“Semi-Human Robot Trapped In The Machine” Music

Some time back, Six talked about his love for a little known genre of music he called “shred” metal. I’ve been thinking of one of my own beloved sub-genres, although I don’t even know if it has a name. Concentrated around the years 1979-1981, this music’s hallmarks are robotic (though not electronic) drumming, and cold vocals. My best description would be “semi-human robot trapped in the machine” music. Representative of this made-up genre would be The Cure‘s “Seventeen Seconds” (1980) and “Faith” (1981) records, Gary Numan‘s “Replicas” (1979)*, and probably all of Joy Division. I don’t know why I like it so much. I was about 15 when most of it came out, so that could explain a lot. While some (most) might find the beat monotonous, I find it hypnotic. And strangely enough, when music like this was made outside of this time period, it generally sucked (witness anything post-“Replicas” by Gary Numan). Also, it can’t be too self-conscious or campy; therefore, while I like Kraftwerk, they don’t quite fit in here. Of course, I like lots of music, and this stuff sometimes still seems like a childish indulgence, but whenever I hear the intro to The Cure‘s “A Forest,” I’m hooked. I guess it was my generation’s version of Goth music. Dark, cold, creepy, but with a heart beating somewhere underneath. Perfect for describing teenagers.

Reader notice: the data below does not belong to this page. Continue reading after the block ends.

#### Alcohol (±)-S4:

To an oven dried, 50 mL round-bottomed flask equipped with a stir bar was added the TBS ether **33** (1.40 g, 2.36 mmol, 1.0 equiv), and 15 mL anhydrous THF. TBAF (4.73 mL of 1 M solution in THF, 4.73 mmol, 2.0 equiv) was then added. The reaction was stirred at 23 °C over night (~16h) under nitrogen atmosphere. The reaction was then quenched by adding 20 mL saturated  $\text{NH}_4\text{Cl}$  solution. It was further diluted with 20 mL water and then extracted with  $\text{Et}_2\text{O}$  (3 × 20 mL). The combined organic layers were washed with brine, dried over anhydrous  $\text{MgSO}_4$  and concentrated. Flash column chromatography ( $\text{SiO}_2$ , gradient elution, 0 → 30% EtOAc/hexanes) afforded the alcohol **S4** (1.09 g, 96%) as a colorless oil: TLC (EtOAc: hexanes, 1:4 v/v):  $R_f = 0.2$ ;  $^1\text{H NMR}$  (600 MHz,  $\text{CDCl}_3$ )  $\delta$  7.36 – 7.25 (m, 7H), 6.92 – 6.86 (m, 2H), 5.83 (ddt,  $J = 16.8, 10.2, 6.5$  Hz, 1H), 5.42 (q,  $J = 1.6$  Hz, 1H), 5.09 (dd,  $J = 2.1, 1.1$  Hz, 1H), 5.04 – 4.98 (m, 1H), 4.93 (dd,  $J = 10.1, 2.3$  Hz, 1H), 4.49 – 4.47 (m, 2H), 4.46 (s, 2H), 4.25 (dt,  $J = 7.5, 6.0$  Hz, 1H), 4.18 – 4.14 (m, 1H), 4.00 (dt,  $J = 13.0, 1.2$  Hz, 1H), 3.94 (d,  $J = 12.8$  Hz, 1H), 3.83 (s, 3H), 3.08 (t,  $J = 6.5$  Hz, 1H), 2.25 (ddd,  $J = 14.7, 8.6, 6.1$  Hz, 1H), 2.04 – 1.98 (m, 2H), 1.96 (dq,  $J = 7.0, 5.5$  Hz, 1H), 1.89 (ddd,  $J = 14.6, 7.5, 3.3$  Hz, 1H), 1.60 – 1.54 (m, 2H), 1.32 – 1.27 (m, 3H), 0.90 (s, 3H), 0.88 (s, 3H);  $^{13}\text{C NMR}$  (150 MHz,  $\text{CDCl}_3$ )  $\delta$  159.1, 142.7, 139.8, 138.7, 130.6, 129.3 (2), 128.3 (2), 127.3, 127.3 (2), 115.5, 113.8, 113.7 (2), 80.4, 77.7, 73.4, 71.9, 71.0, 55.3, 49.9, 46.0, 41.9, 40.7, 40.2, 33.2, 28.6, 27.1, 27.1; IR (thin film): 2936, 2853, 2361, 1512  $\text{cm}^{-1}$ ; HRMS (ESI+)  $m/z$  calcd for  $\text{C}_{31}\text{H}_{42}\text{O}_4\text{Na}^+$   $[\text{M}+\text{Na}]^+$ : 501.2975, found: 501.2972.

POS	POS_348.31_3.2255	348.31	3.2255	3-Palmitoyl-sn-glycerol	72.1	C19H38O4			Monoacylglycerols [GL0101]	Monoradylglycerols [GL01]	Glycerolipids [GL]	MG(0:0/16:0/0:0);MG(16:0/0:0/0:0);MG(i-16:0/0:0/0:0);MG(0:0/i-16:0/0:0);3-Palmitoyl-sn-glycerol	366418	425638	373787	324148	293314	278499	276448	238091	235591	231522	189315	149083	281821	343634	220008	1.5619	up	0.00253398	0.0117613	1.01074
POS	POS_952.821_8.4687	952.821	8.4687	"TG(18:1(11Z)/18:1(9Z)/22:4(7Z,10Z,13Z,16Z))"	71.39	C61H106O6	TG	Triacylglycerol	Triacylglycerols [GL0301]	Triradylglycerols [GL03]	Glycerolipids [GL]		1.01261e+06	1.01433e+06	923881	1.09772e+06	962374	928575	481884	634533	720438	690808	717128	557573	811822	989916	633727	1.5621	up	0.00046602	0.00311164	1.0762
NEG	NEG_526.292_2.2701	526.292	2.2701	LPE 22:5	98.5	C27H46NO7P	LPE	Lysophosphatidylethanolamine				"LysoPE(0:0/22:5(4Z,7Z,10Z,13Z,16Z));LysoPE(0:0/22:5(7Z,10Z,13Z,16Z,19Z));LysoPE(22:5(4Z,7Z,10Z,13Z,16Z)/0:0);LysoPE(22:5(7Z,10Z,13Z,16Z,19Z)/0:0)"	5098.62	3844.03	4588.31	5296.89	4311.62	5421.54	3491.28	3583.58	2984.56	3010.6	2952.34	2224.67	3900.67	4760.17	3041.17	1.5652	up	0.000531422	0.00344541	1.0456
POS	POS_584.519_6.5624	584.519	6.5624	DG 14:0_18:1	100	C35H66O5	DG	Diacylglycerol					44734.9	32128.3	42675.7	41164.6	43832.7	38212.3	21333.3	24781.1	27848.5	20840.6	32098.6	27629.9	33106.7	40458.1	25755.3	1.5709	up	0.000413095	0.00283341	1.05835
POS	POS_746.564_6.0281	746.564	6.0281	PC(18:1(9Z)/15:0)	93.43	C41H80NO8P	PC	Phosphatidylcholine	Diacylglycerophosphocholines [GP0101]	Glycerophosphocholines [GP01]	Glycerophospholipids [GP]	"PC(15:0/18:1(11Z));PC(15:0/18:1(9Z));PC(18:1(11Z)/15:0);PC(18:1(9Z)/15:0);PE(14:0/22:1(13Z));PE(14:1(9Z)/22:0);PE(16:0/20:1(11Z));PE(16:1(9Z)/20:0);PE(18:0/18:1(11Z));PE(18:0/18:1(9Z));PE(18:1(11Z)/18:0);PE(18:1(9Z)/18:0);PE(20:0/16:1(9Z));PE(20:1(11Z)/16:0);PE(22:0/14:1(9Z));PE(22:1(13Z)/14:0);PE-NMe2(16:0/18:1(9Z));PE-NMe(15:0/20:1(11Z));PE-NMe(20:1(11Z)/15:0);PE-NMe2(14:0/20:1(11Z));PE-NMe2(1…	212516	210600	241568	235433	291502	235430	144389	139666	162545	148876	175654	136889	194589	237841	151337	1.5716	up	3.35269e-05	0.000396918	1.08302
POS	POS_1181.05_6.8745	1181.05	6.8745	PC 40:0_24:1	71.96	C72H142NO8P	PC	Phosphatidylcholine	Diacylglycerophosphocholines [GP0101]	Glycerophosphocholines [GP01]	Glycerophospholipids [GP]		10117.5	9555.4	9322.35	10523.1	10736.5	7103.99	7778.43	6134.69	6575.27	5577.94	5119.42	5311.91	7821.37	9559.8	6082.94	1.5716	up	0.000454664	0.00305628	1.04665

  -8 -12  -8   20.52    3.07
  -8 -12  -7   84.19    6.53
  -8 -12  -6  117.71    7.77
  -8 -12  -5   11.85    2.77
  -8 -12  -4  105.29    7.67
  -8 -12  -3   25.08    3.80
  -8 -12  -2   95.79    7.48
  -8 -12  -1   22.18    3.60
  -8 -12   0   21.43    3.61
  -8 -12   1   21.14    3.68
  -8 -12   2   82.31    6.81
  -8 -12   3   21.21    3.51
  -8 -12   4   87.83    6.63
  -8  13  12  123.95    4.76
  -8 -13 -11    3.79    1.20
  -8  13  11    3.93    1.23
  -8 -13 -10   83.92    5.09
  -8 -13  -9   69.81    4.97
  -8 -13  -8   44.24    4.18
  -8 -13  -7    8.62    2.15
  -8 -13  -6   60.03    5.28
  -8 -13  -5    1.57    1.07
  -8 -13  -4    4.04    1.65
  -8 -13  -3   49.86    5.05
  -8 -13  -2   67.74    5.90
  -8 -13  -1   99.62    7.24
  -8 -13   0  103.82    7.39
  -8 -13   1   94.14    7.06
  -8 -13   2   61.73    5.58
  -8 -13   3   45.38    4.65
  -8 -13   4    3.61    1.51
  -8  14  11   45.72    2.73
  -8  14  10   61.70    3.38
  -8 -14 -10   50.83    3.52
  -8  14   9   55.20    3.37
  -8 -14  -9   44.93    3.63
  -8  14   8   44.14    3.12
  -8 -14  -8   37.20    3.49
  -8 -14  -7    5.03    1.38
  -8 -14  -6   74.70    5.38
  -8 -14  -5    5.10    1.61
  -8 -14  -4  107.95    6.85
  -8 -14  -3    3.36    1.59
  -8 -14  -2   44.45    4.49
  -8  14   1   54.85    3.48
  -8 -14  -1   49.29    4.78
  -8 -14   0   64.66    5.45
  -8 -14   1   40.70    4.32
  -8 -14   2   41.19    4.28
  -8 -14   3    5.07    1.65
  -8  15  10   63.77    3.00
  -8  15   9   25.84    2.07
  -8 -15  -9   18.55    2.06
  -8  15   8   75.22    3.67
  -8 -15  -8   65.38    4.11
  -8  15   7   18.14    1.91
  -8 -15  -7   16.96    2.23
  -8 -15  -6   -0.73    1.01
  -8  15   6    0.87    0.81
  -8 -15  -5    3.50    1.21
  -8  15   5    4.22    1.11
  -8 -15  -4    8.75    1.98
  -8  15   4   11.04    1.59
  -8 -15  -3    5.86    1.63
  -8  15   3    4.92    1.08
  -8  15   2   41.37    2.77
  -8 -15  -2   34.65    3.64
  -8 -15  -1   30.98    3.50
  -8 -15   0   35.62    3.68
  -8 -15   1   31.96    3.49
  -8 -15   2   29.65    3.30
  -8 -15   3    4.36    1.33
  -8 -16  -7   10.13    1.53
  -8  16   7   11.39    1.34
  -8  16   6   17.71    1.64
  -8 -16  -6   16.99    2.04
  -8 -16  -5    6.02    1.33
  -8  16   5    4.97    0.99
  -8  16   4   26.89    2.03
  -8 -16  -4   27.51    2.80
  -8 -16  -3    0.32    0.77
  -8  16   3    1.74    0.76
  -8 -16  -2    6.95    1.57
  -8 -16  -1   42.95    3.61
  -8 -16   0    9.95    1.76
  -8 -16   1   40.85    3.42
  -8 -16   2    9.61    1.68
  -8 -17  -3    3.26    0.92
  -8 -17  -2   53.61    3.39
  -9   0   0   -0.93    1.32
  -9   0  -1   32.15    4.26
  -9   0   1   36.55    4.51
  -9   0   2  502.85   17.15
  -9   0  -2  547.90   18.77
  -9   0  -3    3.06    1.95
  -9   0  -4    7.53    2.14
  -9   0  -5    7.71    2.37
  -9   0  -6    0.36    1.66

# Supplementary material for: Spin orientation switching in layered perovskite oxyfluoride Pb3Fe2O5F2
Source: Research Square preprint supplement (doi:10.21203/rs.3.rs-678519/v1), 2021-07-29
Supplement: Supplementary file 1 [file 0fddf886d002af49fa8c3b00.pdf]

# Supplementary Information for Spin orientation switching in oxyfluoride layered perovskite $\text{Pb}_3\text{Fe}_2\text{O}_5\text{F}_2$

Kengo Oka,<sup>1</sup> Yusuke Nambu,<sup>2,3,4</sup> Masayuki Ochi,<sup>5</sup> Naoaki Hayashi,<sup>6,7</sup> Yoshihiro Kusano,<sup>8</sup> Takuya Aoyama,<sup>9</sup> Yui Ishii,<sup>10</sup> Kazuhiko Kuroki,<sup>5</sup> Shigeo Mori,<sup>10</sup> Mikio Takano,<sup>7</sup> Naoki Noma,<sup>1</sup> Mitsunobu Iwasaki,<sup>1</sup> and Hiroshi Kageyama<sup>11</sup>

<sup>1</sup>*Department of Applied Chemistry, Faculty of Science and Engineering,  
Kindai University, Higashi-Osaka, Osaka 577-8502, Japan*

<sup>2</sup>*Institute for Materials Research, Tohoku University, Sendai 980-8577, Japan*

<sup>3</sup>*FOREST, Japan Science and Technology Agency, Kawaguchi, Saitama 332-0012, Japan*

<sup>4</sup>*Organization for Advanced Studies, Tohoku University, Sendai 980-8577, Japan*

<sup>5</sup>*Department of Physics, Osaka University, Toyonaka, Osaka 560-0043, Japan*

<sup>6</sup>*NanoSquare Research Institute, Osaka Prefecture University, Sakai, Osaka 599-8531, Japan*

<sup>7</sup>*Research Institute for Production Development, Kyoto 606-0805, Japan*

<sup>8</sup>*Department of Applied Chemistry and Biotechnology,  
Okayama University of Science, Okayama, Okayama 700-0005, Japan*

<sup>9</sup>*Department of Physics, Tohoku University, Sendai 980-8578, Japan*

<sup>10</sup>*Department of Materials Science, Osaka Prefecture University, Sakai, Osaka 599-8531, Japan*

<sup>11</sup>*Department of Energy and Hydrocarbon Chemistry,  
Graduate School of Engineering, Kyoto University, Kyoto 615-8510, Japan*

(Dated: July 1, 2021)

You’ll notice I’m still struggling to define a proper weblog “style” guide. I think I’m going to settle on BOLD for Artists/Authors, and “QUOTES” around the titles of books/musical releases. Is there something official somewhere? Use the Comments link to tell me.

* I took a theatre class in Grade 10 and for one exercise, I made an “alien” mask and pranced around to Gary Numan‘s “I Nearly Married a Human.” Thank God there’s no evidence.